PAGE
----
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Discussion Starter #1
Narrowed down my first bike to either the CB300F or the CRF250L...pros and cons to each? Looking for a good all around bike to commute and get excellent gas mileage. What can the CB300F do that the dual sport cant? Thanks for any help.
 

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If you were buying a car, you'd be wondering whether you should buy a Toyota Corolla or a Mazda MX-5.......
 

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CB300F Pro:
- More HP, means faster
- More torque, means more acceleration
- Cheaper
- Made for the streets
- Better seat
- Lower seat height, easier to mount
- Harder suspension, (tuned for speeds of 100MPH tops; I find it is great from speeds of 45MPH and onwards) more stable at higher speeds and turns.
- Fuel injection
- Better sounding

CRF250L pros:
- Softer suspension, which is tuned for lower speeds (75-80MPH tops, I find it comfortable for speeds of 20MPH onwards)
- More suspension travel, for deeper potholes, and better stability offroad.
- Made more for offroad than for streets
- Easier to gear for even better MPG (100+ MPG US possible)
- Lighter weight
- Carbureted, meaning easier engine to fix.

If you ask me, the CRF250L is overpriced. The engine is less powerful, less fast, and older technology, not made for interstate riding, and occasional highway riding.
They should shave $2k off the price to make it competitive with the CB300F.
 

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CRF250L pros:
- Softer suspension, which is tuned for lower speeds (75-80MPH tops, I find it comfortable for speeds of 20MPH onwards)
- More suspension travel, for deeper potholes, and better stability offroad.
- Made more for offroad than for streets
- Easier to gear for even better MPG (100+ MPG US possible)
- Lighter weight
- Carbureted, meaning easier engine to fix.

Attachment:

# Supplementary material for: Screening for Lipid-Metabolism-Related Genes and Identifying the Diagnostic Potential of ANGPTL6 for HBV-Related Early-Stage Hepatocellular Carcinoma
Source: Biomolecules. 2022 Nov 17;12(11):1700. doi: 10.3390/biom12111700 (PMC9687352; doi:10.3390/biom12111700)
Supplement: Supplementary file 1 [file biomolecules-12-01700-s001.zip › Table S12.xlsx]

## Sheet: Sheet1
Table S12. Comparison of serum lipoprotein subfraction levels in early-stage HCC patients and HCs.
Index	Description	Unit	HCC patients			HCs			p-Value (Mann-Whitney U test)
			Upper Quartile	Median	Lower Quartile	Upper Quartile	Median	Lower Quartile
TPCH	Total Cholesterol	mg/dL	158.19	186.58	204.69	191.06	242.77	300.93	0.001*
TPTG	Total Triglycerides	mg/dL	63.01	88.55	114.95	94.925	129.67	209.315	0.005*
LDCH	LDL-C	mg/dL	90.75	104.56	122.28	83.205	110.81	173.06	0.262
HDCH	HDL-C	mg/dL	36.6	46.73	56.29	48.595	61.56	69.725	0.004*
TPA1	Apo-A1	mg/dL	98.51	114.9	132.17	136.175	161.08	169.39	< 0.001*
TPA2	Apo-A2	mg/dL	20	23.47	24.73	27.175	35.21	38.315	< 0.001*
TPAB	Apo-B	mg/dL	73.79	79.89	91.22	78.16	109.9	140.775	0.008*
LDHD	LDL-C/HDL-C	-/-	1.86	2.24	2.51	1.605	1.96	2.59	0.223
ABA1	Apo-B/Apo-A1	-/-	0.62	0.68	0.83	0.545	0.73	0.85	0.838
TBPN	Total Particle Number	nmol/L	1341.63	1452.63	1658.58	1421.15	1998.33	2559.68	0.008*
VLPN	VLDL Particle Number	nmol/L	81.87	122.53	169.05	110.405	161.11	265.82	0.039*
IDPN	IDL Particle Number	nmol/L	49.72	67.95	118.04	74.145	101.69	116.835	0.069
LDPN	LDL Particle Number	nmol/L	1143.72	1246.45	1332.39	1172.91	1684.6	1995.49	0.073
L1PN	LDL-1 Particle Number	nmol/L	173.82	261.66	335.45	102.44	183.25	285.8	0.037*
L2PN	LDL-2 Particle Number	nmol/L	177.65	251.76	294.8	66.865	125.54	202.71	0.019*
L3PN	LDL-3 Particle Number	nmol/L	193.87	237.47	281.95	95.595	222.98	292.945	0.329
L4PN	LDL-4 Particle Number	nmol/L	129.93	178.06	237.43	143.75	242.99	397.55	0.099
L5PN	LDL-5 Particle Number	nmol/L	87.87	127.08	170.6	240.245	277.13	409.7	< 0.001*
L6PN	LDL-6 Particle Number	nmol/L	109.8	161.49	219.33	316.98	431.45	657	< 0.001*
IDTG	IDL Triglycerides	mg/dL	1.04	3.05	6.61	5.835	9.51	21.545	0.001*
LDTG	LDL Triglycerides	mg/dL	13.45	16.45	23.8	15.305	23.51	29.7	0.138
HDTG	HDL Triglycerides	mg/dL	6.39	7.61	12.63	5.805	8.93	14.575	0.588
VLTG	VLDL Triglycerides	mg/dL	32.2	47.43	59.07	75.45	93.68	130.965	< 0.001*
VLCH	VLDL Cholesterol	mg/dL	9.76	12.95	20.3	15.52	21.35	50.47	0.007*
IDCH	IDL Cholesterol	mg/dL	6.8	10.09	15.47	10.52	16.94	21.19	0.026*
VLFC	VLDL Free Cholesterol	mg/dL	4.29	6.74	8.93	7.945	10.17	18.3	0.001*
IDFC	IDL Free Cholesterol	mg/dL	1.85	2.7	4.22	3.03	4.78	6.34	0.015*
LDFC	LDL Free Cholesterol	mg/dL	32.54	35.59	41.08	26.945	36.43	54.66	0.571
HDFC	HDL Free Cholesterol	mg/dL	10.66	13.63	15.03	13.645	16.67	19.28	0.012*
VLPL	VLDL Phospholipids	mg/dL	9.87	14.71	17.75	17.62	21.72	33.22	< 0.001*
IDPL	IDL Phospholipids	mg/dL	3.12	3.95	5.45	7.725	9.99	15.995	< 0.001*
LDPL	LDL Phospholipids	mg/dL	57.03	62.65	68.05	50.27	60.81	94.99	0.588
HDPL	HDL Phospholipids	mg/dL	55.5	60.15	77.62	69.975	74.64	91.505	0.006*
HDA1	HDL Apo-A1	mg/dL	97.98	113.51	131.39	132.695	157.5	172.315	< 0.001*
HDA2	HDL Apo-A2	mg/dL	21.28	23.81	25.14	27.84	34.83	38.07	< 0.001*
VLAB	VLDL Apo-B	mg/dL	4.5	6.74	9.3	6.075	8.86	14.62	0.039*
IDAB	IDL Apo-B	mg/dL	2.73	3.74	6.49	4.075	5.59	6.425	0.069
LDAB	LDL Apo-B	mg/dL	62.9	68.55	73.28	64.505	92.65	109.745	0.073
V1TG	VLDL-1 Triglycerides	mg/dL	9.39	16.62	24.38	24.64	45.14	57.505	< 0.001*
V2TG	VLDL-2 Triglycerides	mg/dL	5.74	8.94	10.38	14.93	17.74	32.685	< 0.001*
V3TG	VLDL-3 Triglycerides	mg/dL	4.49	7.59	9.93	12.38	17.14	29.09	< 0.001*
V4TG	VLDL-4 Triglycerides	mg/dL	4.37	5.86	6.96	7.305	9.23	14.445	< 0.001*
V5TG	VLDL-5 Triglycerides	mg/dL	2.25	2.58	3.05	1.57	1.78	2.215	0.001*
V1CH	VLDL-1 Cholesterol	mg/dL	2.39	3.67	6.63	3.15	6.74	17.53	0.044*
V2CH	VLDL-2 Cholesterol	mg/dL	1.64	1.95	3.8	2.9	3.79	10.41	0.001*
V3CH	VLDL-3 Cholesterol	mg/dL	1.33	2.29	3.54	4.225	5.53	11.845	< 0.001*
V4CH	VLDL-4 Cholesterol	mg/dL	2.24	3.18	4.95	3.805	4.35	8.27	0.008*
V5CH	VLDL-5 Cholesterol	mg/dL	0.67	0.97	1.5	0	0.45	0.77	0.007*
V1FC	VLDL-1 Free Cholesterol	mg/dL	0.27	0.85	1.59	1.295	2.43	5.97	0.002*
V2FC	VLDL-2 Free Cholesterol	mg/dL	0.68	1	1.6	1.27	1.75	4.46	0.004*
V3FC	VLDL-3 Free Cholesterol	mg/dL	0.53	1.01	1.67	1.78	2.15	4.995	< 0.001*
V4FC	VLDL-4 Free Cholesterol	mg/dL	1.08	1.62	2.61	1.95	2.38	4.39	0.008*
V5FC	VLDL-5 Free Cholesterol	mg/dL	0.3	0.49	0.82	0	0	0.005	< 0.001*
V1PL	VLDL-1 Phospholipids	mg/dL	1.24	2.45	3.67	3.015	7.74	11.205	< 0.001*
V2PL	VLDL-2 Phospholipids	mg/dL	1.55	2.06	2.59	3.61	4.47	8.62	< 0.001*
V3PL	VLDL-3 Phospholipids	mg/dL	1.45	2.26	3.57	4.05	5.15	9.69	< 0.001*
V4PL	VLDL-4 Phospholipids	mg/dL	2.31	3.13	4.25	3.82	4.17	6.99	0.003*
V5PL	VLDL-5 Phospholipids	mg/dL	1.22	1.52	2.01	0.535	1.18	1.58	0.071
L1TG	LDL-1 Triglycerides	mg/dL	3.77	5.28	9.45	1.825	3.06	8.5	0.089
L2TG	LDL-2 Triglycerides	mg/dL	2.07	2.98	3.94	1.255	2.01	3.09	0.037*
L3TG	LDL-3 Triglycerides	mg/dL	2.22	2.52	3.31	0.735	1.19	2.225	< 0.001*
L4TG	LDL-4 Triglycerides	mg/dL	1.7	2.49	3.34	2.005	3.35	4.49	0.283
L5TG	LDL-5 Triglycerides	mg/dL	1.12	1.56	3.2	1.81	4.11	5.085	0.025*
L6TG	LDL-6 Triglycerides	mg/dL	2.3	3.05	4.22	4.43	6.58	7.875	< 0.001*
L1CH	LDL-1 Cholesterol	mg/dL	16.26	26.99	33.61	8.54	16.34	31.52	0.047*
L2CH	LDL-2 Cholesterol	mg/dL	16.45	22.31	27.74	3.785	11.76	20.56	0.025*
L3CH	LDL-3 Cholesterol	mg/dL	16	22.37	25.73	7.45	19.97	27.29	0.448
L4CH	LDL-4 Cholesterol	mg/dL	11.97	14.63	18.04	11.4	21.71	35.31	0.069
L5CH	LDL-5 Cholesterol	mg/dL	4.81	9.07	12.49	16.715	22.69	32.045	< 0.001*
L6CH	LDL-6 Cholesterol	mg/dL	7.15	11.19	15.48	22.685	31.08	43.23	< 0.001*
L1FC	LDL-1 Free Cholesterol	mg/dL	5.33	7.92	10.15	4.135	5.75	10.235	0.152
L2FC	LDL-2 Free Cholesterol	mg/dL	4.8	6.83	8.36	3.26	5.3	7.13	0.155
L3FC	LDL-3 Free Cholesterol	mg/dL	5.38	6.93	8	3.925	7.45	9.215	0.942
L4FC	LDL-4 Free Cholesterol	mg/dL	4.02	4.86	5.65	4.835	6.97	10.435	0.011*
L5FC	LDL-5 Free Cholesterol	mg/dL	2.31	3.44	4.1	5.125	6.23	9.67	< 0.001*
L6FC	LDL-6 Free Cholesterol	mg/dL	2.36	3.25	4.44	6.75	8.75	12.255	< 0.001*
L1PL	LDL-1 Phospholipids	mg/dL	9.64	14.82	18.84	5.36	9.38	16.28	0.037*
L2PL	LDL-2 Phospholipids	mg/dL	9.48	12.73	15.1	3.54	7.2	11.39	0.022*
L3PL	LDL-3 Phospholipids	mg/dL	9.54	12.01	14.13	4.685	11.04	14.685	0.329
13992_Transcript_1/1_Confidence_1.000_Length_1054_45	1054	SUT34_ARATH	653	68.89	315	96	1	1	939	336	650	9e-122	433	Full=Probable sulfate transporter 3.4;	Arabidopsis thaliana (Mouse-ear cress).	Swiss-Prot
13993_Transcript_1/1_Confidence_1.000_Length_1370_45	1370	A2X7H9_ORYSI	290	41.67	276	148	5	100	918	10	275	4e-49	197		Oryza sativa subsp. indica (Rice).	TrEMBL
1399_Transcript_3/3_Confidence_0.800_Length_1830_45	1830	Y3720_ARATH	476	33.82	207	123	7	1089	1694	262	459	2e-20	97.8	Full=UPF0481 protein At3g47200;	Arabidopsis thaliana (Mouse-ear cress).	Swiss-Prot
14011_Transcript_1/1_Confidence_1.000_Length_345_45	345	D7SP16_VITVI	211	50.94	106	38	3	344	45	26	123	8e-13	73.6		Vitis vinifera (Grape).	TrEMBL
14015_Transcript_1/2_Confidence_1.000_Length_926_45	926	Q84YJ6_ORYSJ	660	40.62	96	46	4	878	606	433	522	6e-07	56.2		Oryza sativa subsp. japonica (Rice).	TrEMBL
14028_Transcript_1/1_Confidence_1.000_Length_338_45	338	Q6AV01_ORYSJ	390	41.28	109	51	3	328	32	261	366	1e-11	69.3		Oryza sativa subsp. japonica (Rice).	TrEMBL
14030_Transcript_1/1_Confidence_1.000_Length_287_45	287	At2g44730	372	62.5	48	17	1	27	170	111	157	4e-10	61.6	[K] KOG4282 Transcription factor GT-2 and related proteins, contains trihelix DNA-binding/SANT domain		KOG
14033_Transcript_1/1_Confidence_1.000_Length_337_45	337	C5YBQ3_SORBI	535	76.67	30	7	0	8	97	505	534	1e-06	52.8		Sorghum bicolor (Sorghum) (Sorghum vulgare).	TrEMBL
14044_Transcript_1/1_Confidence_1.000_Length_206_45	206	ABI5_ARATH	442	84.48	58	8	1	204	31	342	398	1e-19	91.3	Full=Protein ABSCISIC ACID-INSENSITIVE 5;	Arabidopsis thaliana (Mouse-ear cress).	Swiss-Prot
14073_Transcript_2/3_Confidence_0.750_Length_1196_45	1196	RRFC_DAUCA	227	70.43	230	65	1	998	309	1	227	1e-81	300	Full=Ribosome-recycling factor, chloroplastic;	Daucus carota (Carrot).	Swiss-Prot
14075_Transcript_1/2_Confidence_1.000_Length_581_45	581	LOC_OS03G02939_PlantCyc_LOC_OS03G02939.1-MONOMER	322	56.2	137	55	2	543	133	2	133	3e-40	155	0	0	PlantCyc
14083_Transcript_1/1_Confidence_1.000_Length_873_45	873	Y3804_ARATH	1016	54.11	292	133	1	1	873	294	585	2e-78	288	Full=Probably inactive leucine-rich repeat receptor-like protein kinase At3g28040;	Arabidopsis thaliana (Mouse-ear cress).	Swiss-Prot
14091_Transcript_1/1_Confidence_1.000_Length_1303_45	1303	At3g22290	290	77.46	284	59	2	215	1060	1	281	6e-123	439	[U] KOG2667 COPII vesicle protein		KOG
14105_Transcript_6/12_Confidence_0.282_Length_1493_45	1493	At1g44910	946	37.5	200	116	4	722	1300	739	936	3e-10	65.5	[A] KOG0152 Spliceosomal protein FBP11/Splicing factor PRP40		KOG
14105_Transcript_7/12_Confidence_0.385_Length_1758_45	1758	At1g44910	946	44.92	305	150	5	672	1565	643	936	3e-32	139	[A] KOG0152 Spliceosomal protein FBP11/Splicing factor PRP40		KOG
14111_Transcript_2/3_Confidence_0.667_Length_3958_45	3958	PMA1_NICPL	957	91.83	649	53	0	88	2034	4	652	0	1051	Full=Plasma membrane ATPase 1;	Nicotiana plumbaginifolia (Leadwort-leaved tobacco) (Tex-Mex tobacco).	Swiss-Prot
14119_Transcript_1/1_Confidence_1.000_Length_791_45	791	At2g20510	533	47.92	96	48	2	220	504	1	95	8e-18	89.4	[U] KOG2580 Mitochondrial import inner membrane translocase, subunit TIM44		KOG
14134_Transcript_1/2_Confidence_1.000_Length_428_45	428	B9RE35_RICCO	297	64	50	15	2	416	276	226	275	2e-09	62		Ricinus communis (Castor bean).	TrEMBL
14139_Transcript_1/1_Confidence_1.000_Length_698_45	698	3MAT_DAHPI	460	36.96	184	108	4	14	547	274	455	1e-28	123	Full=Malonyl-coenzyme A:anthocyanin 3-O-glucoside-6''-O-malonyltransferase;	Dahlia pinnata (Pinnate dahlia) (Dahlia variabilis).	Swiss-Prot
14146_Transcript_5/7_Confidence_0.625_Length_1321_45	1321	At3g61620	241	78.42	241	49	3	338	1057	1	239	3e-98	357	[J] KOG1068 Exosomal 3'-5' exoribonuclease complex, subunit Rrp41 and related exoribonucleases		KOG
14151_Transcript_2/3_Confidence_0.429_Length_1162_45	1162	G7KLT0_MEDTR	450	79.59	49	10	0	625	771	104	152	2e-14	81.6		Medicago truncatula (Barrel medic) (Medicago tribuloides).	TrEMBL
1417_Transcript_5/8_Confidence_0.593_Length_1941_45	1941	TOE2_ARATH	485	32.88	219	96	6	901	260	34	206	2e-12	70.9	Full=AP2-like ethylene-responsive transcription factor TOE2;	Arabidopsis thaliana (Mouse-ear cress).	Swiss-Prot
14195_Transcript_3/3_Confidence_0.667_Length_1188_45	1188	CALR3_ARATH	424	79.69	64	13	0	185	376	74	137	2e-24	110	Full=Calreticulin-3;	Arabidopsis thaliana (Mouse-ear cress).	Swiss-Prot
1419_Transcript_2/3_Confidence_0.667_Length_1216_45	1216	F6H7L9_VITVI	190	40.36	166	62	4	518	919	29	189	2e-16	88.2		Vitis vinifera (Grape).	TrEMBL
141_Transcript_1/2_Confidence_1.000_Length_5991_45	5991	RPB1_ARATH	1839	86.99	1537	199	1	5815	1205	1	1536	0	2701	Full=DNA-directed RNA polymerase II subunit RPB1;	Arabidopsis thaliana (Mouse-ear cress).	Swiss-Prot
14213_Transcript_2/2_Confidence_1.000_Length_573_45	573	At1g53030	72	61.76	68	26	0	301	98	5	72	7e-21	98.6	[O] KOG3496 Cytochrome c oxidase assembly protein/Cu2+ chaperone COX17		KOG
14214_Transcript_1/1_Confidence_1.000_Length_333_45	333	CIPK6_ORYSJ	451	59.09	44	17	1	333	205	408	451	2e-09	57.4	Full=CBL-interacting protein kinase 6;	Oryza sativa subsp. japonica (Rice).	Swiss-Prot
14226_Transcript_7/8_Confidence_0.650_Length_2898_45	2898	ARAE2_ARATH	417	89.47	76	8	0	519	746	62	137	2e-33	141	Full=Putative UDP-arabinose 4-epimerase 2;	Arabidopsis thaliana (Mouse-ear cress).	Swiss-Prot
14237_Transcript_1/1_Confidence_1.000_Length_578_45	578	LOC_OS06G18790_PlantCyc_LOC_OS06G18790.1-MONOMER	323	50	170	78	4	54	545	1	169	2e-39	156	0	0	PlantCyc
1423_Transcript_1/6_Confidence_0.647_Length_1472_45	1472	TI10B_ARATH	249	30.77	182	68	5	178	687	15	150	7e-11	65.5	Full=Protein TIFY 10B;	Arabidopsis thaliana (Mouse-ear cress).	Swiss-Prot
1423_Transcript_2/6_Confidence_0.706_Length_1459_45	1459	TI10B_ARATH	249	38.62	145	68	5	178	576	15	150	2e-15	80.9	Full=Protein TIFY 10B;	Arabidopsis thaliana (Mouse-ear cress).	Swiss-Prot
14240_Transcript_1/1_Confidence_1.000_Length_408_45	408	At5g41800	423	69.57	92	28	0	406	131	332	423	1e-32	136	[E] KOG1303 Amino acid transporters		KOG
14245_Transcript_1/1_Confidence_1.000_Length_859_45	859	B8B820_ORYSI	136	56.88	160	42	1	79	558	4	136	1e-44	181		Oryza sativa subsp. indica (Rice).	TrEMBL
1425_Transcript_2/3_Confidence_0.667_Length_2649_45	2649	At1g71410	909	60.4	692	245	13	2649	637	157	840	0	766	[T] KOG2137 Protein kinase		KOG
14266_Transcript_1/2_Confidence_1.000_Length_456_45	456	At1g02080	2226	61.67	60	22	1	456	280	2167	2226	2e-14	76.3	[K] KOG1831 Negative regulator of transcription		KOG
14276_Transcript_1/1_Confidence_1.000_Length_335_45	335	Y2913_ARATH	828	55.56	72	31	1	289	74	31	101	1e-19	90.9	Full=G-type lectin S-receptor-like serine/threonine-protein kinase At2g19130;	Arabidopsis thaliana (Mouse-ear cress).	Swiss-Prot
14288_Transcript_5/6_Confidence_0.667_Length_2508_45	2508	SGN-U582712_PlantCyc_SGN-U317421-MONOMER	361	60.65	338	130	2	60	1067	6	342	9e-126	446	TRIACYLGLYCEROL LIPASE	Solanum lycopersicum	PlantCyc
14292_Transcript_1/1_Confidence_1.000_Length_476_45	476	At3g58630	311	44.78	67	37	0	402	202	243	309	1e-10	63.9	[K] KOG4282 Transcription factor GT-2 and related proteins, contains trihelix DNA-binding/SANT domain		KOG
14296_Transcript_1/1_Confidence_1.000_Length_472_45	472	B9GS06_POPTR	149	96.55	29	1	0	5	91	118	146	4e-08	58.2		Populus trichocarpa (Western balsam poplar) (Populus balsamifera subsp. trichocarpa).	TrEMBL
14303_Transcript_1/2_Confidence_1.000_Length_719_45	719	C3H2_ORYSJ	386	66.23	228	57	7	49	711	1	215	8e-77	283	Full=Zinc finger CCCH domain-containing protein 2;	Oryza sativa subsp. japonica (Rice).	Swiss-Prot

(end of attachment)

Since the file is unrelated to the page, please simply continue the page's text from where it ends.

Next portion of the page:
If you ask me, the CRF250L is overpriced. The engine is less powerful, less fast, and older technology, not made for interstate riding, and occasional highway riding.
They should shave $2k off the price to make it competitive with the CB300F.
MeeLee, the CRF250L is not 'older technology'. It is fuel injected, not carbureted, equipped with the same basic EFI system as the CBR250R, CBR300R, and CB300F have. But your comment "Carbureted, meaning easier engine to fix." isn't true either. Obviously, a carburetor is simpler to work on than an EFI system. But there is no difference between rebuilding or repairing an engine, regardless of whether it has a carb or an EFI throttle body.

It shares the same engine as the CBR250R, which is the very same engine that the 300's were derived from. So again, it is not 'older technology'.

Secondly, the MSRP difference between the CRF250L ($4999) and the CB300F ($3999) is exactly $1000 USD. And it's not hard to see the differences which account for that $1000 price difference... the CRF250L has a number of more expensive components, like traditional wire spoke wheel assembles (typically at least twice the cost of cast aluminum wheels), aluminum swing arm, and USD front forks.
 
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In the supermarket today, apples were more expensive than cheddar cheese. Clearly, that supermarket doesn't know what it's doing.
 
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You must be tall if you are looking at the supermoto. I would say the CB300F will be a smoother ride since it's a street bike and comes with street tires. It will do highway speeds better than the 250. The seat is probably more comfortable on the CB300F too. That would be an easy choice for me since I never go off road anymore. I haven't ridden a supermoto. It's all I can do to climb on them at 5'7". The small increase in displacement alone would be enough to convince me to go with the 300. Still, get the bike that you want since both will do what you want even if they are so different.